In Points I, III, IV and V of his brief, Stuckey sets forth various allegations of trial error. In an effort to bring these matters within the scope of Rule 27.26, Stuckey asserts that by these occurrences he was deprived of due process of law under the fifth and fourteenth amendments of the United States Constitution and Article I, Section 10 of the Missouri Constitution.

Points I and IV involve challenges to certain statements made by the prosecutor during his closing argument. Stuckey's principal contention under Point I is that the prosecutor was foreclosed by the doctrine of collateral estoppel from arguing that Stuckey had shot Larry Wilson when he later argued at the subsequent trial of Mitzie Stuckey that she had done the shooting. He also complains, under Point IV, that the prosecutor argued facts not in evidence and made statements which were inflammatory and unfairly prejudiced the minds of the jurors against him.

Under subsection A of his Point III on appeal, Stuckey contends that the trial testimony of Marion Wilson, Dianna Dishman, and Kwei Lee Su was improperly admitted *590 into evidence because "such had not previously been provided to appellant by the prosecutor." Under subsection B of the same point, he alleges that the testimony of Steven Broughton concerning his identification of Mitzie Stuckey was improperly admitted because it was the product of "one photo lineup."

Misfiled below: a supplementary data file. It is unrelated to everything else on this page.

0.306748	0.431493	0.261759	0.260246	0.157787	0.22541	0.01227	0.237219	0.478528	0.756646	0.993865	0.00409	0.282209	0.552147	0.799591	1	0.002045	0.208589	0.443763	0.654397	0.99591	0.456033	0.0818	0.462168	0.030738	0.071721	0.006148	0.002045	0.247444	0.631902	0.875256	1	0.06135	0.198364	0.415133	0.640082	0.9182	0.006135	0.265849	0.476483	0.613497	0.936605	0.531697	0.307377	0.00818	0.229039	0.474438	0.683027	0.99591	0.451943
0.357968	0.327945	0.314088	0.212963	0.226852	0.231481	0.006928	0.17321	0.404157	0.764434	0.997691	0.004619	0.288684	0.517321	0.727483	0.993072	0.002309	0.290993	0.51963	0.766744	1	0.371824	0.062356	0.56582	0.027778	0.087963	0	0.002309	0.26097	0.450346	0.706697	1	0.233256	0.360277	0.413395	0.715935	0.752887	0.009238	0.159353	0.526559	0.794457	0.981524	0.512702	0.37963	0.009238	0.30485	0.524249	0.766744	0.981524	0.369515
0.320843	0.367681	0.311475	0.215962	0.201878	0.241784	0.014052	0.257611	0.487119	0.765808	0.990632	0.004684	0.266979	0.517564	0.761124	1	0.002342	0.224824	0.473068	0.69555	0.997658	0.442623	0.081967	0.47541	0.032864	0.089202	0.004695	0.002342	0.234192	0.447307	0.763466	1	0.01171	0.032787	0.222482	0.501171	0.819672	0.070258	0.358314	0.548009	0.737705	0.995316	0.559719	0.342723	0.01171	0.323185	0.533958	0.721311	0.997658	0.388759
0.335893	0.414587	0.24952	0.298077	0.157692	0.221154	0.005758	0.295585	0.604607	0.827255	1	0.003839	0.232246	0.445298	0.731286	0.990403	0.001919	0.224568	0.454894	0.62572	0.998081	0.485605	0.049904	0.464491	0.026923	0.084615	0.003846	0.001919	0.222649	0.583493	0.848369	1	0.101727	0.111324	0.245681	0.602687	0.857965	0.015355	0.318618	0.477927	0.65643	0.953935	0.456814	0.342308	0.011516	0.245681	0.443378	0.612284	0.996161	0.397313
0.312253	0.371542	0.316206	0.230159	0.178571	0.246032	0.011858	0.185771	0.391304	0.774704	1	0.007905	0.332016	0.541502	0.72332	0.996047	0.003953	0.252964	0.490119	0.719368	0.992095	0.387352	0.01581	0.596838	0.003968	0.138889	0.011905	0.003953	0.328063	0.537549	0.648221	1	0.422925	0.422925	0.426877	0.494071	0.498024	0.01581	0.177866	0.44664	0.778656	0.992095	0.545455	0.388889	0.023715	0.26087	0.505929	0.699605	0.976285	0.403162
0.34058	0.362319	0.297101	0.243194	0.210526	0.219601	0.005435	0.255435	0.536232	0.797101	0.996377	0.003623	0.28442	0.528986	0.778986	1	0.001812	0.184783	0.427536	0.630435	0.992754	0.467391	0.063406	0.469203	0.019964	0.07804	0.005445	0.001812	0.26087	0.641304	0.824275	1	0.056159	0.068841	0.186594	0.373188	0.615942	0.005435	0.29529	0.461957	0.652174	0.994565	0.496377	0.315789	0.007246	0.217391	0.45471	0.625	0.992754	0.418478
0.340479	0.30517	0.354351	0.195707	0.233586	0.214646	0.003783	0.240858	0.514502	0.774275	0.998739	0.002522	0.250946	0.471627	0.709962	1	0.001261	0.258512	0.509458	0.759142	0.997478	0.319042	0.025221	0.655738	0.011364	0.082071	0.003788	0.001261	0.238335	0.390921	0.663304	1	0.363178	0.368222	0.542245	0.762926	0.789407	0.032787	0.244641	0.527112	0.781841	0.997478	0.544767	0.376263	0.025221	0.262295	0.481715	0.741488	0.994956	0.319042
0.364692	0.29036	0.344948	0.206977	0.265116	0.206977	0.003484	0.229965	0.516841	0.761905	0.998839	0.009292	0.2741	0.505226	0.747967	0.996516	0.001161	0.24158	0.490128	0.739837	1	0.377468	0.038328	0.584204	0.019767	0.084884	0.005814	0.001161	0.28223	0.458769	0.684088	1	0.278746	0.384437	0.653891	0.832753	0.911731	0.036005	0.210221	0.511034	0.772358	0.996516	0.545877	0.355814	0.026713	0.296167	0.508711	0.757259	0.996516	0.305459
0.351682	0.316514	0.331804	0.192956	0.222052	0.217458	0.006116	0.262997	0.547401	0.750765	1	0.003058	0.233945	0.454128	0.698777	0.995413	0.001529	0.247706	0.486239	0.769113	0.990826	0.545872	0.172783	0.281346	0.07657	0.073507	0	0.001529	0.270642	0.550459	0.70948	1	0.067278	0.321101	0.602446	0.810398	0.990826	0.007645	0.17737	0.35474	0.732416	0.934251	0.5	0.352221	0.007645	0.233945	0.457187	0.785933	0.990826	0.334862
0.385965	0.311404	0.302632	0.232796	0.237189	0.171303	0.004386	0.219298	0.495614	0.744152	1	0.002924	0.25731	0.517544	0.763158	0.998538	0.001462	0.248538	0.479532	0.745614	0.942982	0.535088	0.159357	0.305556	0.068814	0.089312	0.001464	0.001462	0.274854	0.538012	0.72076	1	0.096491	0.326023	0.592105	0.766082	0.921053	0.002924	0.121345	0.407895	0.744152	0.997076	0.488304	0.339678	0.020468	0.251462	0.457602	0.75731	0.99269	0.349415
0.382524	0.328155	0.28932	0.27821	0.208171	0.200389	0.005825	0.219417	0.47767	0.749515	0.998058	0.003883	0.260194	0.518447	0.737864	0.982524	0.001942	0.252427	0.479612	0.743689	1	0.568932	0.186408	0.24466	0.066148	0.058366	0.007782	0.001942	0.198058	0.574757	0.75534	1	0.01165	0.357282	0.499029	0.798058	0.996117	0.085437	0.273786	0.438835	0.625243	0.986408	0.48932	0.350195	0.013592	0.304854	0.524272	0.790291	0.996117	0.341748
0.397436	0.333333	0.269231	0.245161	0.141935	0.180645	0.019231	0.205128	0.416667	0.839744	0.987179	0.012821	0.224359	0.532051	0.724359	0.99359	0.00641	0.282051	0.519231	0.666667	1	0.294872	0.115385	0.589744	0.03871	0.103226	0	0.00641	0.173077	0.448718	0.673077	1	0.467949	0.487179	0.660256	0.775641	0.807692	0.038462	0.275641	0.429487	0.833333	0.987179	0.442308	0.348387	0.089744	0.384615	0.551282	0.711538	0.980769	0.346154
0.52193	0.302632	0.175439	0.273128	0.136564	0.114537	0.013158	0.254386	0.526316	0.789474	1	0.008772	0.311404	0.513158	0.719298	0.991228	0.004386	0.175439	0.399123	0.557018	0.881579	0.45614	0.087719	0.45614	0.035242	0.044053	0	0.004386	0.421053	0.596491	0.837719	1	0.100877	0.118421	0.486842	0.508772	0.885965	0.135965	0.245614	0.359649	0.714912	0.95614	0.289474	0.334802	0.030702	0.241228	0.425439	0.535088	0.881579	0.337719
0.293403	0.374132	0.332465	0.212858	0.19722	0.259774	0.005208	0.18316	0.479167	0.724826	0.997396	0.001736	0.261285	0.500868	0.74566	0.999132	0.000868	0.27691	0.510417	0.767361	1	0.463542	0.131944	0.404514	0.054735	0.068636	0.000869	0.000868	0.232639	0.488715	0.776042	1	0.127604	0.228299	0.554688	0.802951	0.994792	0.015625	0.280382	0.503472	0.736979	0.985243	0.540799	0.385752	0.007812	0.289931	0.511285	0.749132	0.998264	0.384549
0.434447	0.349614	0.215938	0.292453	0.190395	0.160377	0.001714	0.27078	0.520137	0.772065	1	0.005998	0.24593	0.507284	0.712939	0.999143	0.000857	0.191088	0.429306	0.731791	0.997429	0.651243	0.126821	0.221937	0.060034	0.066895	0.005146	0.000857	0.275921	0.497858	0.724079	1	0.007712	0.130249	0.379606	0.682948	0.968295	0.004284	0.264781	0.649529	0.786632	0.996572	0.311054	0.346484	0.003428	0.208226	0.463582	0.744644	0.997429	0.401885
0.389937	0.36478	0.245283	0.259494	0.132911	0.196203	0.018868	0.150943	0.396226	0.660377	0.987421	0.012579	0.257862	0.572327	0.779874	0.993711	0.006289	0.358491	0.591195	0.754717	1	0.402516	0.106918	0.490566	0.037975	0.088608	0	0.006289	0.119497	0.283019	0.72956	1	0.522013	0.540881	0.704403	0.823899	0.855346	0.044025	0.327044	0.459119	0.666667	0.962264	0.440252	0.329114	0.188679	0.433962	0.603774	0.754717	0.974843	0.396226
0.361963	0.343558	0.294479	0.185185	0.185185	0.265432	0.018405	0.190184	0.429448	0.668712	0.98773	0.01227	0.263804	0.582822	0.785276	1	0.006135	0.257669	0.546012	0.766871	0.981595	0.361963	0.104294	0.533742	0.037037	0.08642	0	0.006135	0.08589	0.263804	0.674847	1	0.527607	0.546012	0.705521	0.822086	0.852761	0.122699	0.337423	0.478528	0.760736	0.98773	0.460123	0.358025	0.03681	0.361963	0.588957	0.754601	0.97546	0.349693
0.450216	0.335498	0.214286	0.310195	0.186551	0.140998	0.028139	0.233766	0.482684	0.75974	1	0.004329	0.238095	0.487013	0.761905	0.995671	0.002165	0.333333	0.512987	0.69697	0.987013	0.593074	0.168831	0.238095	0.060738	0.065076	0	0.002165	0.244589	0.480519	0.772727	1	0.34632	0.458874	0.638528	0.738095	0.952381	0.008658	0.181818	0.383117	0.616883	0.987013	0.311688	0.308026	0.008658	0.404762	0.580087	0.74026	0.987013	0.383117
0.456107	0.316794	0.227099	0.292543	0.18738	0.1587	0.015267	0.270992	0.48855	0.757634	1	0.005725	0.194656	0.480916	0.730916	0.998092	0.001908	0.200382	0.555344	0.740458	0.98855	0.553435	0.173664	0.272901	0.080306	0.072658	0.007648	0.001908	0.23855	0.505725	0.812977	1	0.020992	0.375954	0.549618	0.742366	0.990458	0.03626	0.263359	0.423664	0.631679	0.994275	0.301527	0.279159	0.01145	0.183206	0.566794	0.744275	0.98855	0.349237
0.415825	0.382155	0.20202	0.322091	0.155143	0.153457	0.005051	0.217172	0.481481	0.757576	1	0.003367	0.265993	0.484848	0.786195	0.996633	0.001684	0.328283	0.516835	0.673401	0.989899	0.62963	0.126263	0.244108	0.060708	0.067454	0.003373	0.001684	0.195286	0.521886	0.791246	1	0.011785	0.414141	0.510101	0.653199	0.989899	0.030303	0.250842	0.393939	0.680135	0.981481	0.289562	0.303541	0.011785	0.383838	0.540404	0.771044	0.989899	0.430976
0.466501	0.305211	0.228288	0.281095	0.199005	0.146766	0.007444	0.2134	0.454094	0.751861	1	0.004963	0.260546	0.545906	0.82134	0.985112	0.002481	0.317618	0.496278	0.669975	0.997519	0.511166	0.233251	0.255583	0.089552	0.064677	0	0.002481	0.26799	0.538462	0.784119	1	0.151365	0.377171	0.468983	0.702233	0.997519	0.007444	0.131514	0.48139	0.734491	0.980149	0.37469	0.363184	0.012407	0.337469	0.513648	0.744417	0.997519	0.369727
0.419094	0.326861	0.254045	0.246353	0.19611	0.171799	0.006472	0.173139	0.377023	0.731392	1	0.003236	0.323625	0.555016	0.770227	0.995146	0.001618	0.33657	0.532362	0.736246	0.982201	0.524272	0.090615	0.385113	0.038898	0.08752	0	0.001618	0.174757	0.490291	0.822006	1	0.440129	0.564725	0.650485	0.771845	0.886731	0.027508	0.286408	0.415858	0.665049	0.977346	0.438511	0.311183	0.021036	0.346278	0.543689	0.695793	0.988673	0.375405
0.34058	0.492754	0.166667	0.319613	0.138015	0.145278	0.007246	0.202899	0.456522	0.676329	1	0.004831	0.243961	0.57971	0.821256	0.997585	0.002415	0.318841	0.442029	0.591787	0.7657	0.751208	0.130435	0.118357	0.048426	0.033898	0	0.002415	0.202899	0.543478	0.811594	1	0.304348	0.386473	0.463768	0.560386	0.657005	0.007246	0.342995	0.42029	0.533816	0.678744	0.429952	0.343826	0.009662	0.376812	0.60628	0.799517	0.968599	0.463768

Finally, under subsections A and B of Point V, Stuckey complains that the testimony of Sheriff Dean Mason concerning "the truth and veracity of appellant" should not have been admitted because the basis of his knowledge was never shown, and that the state should not have been permitted to elicit the testimony of James Johnston regarding statements made by Stuckey before his arrest because these statements constituted improper rebuttal evidence.

Rule 27.26 specifically provides that "[m]ere trial errors are to be corrected on direct appeal" and "[a] proceeding under this Rule ordinarily cannot be used ... as a substitute for a second appeal." Rule 27.26(b)(3). Thus, claims relating to the propriety of a prosecutor's closing argument, see Forbes v. State, 627 S.W.2d 58, 60 (Mo.App.1981); Tyler v. State, 574 S.W.2d 434, 435 (Mo.App.1978), or prosecutorial misconduct, see Bufalo v. State, 614 S.W.2d 29, 32 (Mo.App.1981), are considered "trial errors" beyond the scope of Rule 27.26 proceeding. Claims concerning the state's failure to comply with the rules of discovery are likewise outside the purview of a Rule 27.26 action. Baker v. State, 584 S.W.2d 65, 68 (Mo. banc 1979). Nor may the alleged improper admission of evidence be litigated in a Rule 27.26 motion. O'Neal v. State, 486 S.W.2d 206, 207 (Mo.1972); Jones v. State, 591 S.W.2d 153, 155 (Mo. App.1979).

Although we are mindful that Rule 27.26 provides that "trial errors affecting constitutional rights may be raised even though the error could have been raised on appeal," Rule 27.26(b)(3), trial errors cannot be brought within the scope of Rule 27.26 merely by alleging as a conclusion that they affected constitutional rights. Hanson v. State, 684 S.W.2d 337, 339 (Mo. App.1984). Moreover, even trial errors affecting constitutional rights cannot be litigated in a Rule 27.26 motion "except in rare and exceptional circumstances." McCrary v. State, 529 S.W.2d 467, 472 (Mo.App.1975). See also Brown v. State, 729 S.W.2d 54, 55 (Mo.App.1987).